Infections caused by fungi in biofilms are the most common type of infection, especially among patients who require a prosthesis and are immunocompromised. Candida albicans is a common commensal found in 30 to 70 percent of people who appear to be healthy [9]. Candida glabrata, Candida tropicalis and Candida parapsilosis are other Candida species that typically infect prostheses [10]. Candida strains may operate as an opportunistic pathogen in immunocompetent and immunosuppressed persons under predisposing conditions, causing severe and recurring mucosal infections as well as lethal invasion infections [11]. Candida biofilms arise when the fungus clings to a surface, such as a denture or other sort of prosthesis, and then evolves into a complex three-dimensional structure made up of yeast, germ tubes, and juvenile hyphae, all wrapped in an extracellular polysaccharide matrix [12]. When scanning electron microscopy is used to analyse Candida albicans biofilms, it reveals a variety of morphological shapes [13]. In vitro, yeast cells adhere to each other first, followed by germ-tube development after 3 to 6 hours. After incubation for up to 48 hours, fully complete biofilms consist of a dense network of yeasts, hyphae, and pseudohyphae, albeit the presence of hyphal forms is dependent on parameters such as the growth media and substratum [13]. Adhesion is often the first stage of infection for members of the genus Candida, and there are a variety of interactions between these fungi and other species. Candida dubliniensis has been found to interact with the oral bacterium Fusobacterium nucleatum, whilst Candida albicans and Candida tropicalis have been found to interact with Streptococcus gordonii. When compared to planktonic Candida cells, this relationship may allow them to survive in mixed oral habitats and boost resistance to antifungal medications.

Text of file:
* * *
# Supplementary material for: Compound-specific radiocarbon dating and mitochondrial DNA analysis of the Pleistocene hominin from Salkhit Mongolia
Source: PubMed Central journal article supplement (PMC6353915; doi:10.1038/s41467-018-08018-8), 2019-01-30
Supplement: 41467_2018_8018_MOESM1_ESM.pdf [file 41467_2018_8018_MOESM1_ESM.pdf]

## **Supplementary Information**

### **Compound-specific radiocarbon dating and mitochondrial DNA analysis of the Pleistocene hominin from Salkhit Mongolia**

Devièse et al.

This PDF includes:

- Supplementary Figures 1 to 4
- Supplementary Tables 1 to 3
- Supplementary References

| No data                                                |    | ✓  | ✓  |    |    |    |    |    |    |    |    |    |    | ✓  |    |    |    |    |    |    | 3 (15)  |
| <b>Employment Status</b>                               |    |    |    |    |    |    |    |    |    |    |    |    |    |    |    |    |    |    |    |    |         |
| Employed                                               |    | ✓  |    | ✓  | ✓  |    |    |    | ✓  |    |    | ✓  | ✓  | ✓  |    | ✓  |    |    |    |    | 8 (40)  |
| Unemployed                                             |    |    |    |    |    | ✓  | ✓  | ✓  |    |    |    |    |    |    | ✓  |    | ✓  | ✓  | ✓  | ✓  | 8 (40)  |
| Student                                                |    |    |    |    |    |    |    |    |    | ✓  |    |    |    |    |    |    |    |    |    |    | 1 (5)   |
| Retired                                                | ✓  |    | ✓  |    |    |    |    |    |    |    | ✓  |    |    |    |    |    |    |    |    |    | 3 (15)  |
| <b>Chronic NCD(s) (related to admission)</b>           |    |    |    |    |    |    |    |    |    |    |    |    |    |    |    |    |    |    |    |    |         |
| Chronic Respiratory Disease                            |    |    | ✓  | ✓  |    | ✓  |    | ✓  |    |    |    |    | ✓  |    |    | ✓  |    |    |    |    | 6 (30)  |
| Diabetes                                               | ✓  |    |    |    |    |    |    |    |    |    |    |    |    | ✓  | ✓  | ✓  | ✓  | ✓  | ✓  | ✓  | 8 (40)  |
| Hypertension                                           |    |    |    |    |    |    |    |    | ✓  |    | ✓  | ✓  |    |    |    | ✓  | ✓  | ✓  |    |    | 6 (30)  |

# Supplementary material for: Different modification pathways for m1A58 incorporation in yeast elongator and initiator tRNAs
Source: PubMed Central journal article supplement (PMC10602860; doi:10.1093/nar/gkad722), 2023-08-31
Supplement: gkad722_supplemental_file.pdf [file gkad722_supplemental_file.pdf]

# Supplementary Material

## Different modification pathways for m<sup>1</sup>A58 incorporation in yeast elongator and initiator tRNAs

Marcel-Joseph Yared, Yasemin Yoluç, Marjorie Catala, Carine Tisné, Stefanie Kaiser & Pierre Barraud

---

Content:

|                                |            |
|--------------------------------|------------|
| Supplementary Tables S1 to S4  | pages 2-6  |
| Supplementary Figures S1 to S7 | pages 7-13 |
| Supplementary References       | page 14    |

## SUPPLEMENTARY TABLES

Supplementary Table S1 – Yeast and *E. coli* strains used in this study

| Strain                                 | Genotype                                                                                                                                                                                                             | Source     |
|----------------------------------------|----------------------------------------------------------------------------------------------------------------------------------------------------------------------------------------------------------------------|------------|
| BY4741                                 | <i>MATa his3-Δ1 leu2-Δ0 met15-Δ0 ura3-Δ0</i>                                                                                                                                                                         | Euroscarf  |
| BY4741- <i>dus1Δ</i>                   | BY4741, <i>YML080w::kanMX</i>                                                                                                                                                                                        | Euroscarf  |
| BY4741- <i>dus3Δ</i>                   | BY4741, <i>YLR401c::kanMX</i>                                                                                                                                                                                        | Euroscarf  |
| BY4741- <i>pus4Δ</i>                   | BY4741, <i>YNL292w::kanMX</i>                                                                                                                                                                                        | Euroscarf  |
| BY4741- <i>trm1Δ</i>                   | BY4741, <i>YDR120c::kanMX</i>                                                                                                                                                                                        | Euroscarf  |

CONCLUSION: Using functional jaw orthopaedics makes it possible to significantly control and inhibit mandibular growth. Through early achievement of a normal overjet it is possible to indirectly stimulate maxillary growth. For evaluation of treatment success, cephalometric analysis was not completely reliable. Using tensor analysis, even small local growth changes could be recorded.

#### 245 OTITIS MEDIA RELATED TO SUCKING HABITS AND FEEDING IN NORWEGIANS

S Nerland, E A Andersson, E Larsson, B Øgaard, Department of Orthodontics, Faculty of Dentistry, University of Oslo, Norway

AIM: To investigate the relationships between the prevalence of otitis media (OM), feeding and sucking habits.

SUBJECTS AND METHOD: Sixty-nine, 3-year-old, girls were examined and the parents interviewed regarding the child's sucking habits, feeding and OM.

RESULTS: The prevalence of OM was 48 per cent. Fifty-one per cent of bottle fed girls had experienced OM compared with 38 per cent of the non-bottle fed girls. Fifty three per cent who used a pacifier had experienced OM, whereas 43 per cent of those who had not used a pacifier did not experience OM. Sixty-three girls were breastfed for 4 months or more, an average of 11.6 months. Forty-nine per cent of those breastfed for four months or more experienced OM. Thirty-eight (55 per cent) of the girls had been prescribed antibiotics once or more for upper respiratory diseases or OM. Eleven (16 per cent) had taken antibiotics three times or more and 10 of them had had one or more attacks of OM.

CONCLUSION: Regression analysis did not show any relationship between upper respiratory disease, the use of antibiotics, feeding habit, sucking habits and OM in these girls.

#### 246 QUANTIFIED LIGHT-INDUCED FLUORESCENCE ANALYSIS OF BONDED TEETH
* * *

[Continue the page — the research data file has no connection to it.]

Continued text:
Mixed Biofilms